Once More With Feeling: Paid Software Doesn't Mean A Company Treats You Any Better Than Free Software
from the kill-this-myth dept
A few months back, we wrote a post about how there was this idea gaining steam that somehow a fee-based service (such as a fee-based Twitter clone) would likely result in better service for users than a free one, in which revenue was paid by other third parties (advertisers and others). While I understand why the idea is compelling, it’s hogwash. There are plenty of examples of companies who you pay who still treat you like crap (think: pay TV providers, mobile phone providers, airlines, etc.). The simplistic argument is that when users pay, the company’s interests and the consumers’ interests are “aligned.” But that’s not true. The company’s interests remain to get more money out of you, and your interest (generally speaking) is to not have to pay that much more money (there’s more to it than that, but…). Furthermore, the idea that a service that shoots for volume via free services, and then supports it with third party revenue still has tons of incentives to treat users right: because if they don’t, those users go elsewhere, and the third parties no longer want to pay. Yes, there are some exceptions on both sides, but the idea that one automatically leads to better service than the other just doesn’t seem supportable.
And yet… we’re still seeing people arguing this. The latest is from Alexis Madrigal at The Atlantic — someone I tend to agree with more often than not. But, this time he falls into that same simplistic argument without thinking through what he’s saying. The post complains about Instagram’s overhyped plan to change its terms of service, meaning that your photos might be associated with advertisements (which they later backtracked), and then quotes someone’s silly, misleading and inaccurate “chart” about why only companies that make money directly from users should survive, and then assumes that all of that is true:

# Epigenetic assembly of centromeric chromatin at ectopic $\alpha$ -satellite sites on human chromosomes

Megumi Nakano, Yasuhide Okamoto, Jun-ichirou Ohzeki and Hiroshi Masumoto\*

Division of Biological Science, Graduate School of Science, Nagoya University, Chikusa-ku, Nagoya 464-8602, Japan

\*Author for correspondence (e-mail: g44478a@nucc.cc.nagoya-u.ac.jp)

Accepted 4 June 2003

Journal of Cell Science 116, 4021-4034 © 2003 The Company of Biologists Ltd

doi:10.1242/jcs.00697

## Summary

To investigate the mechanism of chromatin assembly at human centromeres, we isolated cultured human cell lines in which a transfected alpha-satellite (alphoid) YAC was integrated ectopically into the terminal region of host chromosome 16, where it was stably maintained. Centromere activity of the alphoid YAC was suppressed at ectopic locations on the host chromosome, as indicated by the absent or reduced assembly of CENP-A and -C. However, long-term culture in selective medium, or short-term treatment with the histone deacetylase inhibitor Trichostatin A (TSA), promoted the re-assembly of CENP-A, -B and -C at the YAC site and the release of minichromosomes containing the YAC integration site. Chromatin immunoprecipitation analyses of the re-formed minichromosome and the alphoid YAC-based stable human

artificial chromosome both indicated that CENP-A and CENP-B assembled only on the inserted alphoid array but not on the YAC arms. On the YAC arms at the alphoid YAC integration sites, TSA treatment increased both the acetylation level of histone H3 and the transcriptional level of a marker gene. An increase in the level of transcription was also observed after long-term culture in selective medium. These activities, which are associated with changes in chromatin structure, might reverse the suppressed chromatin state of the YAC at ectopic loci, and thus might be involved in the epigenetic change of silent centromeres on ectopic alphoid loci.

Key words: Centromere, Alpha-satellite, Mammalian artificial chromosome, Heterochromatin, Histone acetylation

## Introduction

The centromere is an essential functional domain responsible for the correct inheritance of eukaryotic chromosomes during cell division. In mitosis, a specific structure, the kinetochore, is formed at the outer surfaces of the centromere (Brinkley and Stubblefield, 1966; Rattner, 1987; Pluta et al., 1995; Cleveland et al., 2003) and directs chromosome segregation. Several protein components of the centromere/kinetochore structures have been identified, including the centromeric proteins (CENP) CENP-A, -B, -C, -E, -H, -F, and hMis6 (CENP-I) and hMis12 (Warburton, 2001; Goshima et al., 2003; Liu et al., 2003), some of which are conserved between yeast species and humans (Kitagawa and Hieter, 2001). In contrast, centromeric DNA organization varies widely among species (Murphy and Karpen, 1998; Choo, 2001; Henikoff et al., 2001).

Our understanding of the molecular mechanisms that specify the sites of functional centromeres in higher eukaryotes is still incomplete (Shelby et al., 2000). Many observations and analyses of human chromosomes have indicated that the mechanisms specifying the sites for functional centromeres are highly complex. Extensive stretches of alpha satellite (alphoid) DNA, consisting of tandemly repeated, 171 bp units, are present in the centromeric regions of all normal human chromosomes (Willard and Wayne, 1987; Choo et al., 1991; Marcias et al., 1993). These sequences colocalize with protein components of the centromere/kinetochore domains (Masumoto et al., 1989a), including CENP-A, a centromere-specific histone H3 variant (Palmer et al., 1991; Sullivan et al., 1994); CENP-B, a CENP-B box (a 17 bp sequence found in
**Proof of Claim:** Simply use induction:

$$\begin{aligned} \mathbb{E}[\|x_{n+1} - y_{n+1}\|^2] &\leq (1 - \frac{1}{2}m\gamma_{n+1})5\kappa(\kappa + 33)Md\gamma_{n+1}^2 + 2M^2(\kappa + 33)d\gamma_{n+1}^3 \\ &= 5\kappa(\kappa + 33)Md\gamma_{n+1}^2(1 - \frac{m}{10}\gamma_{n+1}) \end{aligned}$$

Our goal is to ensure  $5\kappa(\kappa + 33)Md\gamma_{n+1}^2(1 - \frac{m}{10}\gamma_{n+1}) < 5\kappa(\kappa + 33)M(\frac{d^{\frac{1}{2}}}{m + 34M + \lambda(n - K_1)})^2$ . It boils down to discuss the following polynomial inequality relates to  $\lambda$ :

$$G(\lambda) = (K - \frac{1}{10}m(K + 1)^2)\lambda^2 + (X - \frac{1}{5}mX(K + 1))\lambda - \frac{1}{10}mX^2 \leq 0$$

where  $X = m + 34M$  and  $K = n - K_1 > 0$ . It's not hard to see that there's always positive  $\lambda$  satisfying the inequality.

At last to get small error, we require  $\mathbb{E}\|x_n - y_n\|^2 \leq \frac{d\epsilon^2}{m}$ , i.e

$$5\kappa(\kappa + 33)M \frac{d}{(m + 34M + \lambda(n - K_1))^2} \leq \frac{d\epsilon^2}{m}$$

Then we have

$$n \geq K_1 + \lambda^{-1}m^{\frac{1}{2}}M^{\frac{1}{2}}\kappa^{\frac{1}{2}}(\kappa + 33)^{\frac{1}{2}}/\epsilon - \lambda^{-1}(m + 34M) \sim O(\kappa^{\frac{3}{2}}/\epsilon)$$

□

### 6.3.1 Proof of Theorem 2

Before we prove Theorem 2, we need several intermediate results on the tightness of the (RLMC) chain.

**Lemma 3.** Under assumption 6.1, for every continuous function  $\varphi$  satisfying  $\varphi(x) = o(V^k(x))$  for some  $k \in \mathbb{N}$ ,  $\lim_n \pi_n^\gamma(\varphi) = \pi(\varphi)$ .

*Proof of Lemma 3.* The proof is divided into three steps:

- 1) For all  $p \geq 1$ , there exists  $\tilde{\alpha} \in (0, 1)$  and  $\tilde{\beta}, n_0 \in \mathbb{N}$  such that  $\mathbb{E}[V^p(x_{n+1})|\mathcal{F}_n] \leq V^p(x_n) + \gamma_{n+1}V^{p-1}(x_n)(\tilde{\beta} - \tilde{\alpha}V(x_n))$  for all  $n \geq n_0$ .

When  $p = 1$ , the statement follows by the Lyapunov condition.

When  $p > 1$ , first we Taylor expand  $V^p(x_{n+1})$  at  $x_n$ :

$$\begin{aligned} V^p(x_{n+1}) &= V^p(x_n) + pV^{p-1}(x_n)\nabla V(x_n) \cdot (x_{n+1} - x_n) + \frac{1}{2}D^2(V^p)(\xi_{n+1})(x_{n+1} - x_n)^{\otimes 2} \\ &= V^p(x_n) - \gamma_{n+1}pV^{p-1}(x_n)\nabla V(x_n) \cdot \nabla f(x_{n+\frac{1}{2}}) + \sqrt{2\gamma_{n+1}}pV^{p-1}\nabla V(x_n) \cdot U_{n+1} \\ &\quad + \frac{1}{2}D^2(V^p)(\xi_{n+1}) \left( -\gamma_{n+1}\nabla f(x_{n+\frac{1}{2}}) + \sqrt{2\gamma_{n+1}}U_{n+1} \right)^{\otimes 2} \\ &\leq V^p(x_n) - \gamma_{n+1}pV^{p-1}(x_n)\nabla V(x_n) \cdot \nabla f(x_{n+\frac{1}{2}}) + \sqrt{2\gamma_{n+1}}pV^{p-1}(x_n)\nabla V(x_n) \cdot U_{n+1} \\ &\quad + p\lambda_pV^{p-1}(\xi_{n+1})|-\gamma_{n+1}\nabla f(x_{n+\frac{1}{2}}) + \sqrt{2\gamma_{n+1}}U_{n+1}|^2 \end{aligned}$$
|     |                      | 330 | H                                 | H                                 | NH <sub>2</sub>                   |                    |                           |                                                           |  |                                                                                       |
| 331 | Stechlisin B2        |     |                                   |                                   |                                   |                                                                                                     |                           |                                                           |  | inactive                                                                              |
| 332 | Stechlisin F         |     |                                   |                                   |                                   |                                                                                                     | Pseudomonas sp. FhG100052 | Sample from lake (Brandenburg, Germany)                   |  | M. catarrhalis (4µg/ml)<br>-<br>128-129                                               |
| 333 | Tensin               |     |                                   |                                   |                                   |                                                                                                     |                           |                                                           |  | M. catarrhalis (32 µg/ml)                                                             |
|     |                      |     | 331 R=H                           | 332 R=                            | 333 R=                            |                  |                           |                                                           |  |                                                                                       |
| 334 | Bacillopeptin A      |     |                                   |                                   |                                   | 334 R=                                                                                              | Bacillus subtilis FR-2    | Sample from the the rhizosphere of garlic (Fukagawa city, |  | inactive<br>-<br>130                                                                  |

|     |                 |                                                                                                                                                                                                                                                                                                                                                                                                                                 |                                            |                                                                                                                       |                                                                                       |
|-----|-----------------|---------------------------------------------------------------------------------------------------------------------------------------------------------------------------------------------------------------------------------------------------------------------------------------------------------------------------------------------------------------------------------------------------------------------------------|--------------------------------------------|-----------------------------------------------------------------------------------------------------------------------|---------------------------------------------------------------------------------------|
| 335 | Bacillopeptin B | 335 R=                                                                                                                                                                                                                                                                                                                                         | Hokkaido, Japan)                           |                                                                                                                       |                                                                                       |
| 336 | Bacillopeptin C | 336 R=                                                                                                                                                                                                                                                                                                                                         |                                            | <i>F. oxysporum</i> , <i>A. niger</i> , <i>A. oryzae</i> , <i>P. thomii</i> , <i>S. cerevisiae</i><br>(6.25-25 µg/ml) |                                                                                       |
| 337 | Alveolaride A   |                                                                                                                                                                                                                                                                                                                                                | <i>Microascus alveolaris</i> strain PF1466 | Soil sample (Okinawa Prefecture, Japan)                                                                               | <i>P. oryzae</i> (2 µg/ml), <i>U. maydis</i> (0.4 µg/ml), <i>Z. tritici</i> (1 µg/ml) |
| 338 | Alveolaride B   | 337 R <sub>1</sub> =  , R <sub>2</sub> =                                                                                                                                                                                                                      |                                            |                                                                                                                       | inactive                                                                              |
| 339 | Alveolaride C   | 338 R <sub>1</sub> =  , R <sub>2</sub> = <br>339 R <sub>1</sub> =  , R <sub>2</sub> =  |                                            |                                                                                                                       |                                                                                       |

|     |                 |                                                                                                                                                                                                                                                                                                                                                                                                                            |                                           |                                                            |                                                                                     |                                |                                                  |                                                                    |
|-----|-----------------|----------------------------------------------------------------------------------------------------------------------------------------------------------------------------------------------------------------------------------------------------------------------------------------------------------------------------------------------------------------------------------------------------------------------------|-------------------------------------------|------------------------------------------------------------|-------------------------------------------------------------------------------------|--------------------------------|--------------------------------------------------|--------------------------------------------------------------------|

Truly, the only way to get around the privacy problems inherent in advertising-supported social networks is to pay for services that we value. It’s amazing what power we gain in becoming paying customers instead of the product being sold.
Instagram has, what, 100 million users? If they got $5 a month from 20 million of those users, they’d be looking at $300 million in quarterly revenue. That’s a nice chunk of change when you have a baker’s dozen employees. You think those guys could split more than a billion dollars a year and call it good.
Of course, this is silly, top down math that never works. Here’s what would actually happen in the scenario described above. If Instagram started charging $5/month, within two months, the vast majority of those 100 million users would have moved on to another competing service that does essentially the same thing for free. While I’m sure that some percentage (way, way, way, way, way below the 20% that he posits) would pay, the value for them would actually decrease since so many fewer people would be using Instagram. And, before too long, they would stop paying, because all their friends were using some other free service that does the same basic thing. And getting much more value out of it.
Yes, there are some services worth paying for, but it’s ridiculous for people (especially those as knowledgeable and thoughtful as Madrigal) to fall for this silly claim that somehow “paid” online services automatically function better and treat users better than unpaid services.